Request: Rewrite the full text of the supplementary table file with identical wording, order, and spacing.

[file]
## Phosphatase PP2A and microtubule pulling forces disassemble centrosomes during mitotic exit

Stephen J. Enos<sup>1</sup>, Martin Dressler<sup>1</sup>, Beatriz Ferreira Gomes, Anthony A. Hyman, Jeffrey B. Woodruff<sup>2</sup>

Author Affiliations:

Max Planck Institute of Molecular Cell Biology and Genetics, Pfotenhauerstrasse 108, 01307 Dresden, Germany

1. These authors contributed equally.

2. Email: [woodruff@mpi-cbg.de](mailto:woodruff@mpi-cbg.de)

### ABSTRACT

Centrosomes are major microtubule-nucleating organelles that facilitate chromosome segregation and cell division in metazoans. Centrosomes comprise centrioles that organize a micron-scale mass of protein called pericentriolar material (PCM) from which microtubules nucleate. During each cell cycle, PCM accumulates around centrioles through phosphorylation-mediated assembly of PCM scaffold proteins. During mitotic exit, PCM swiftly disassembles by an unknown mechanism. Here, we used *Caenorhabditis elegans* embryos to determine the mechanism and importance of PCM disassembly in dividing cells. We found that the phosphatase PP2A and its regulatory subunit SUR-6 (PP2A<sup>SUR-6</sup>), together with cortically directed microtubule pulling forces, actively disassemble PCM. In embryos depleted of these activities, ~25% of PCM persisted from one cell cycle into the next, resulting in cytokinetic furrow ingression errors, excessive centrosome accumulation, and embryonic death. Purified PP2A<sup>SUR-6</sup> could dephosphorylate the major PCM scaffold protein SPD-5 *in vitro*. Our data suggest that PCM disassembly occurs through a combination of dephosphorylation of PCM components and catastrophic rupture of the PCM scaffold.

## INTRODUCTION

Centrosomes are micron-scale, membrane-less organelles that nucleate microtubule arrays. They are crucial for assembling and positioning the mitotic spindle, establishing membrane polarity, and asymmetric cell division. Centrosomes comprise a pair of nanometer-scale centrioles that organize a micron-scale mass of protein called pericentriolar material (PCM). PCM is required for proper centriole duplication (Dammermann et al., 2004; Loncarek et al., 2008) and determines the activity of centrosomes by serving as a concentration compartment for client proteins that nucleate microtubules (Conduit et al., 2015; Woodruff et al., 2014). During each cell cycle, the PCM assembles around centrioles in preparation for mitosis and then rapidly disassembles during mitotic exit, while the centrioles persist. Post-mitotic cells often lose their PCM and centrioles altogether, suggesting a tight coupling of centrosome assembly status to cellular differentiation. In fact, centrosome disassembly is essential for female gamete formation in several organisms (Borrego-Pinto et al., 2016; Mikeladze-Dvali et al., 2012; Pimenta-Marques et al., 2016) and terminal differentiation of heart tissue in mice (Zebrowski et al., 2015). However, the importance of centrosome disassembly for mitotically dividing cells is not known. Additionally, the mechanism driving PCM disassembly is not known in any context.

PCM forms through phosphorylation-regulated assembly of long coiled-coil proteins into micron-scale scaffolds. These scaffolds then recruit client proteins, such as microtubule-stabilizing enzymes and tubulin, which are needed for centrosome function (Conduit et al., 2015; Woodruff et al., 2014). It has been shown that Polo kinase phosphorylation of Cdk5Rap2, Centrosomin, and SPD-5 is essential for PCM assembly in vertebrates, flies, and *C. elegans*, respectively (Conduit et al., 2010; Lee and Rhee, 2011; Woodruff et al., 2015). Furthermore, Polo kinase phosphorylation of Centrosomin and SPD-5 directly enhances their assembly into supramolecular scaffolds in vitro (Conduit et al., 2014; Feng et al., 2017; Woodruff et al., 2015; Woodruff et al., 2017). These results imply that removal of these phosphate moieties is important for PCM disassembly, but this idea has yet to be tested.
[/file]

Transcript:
## Phosphatase PP2A and microtubule pulling forces disassemble centrosomes during mitotic exit

Stephen J. Enos<sup>1</sup>, Martin Dressler<sup>1</sup>, Beatriz Ferreira Gomes, Anthony A. Hyman, Jeffrey B. Woodruff<sup>2</sup>

Author Affiliations:

Max Planck Institute of Molecular Cell Biology and Genetics, Pfotenhauerstrasse 108, 01307 Dresden, Germany

1. These authors contributed equally.

2. Email: [woodruff@mpi-cbg.de](mailto:woodruff@mpi-cbg.de)

### ABSTRACT

Centrosomes are major microtubule-nucleating organelles that facilitate chromosome segregation and cell division in metazoans. Centrosomes comprise centrioles that organize a micron-scale mass of protein called pericentriolar material (PCM) from which microtubules nucleate. During each cell cycle, PCM accumulates around centrioles through phosphorylation-mediated assembly of PCM scaffold proteins. During mitotic exit, PCM swiftly disassembles by an unknown mechanism. Here, we used *Caenorhabditis elegans* embryos to determine the mechanism and importance of PCM disassembly in dividing cells. We found that the phosphatase PP2A and its regulatory subunit SUR-6 (PP2A<sup>SUR-6</sup>), together with cortically directed microtubule pulling forces, actively disassemble PCM. In embryos depleted of these activities, ~25% of PCM persisted from one cell cycle into the next, resulting in cytokinetic furrow ingression errors, excessive centrosome accumulation, and embryonic death. Purified PP2A<sup>SUR-6</sup> could dephosphorylate the major PCM scaffold protein SPD-5 *in vitro*. Our data suggest that PCM disassembly occurs through a combination of dephosphorylation of PCM components and catastrophic rupture of the PCM scaffold.

## INTRODUCTION

Centrosomes are micron-scale, membrane-less organelles that nucleate microtubule arrays. They are crucial for assembling and positioning the mitotic spindle, establishing membrane polarity, and asymmetric cell division. Centrosomes comprise a pair of nanometer-scale centrioles that organize a micron-scale mass of protein called pericentriolar material (PCM). PCM is required for proper centriole duplication (Dammermann et al., 2004; Loncarek et al., 2008) and determines the activity of centrosomes by serving as a concentration compartment for client proteins that nucleate microtubules (Conduit et al., 2015; Woodruff et al., 2014). During each cell cycle, the PCM assembles around centrioles in preparation for mitosis and then rapidly disassembles during mitotic exit, while the centrioles persist. Post-mitotic cells often lose their PCM and centrioles altogether, suggesting a tight coupling of centrosome assembly status to cellular differentiation. In fact, centrosome disassembly is essential for female gamete formation in several organisms (Borrego-Pinto et al., 2016; Mikeladze-Dvali et al., 2012; Pimenta-Marques et al., 2016) and terminal differentiation of heart tissue in mice (Zebrowski et al., 2015). However, the importance of centrosome disassembly for mitotically dividing cells is not known. Additionally, the mechanism driving PCM disassembly is not known in any context.

PCM forms through phosphorylation-regulated assembly of long coiled-coil proteins into micron-scale scaffolds. These scaffolds then recruit client proteins, such as microtubule-stabilizing enzymes and tubulin, which are needed for centrosome function (Conduit et al., 2015; Woodruff et al., 2014). It has been shown that Polo kinase phosphorylation of Cdk5Rap2, Centrosomin, and SPD-5 is essential for PCM assembly in vertebrates, flies, and *C. elegans*, respectively (Conduit et al., 2010; Lee and Rhee, 2011; Woodruff et al., 2015). Furthermore, Polo kinase phosphorylation of Centrosomin and SPD-5 directly enhances their assembly into supramolecular scaffolds in vitro (Conduit et al., 2014; Feng et al., 2017; Woodruff et al., 2015; Woodruff et al., 2017). These results imply that removal of these phosphate moieties is important for PCM disassembly, but this idea has yet to be tested.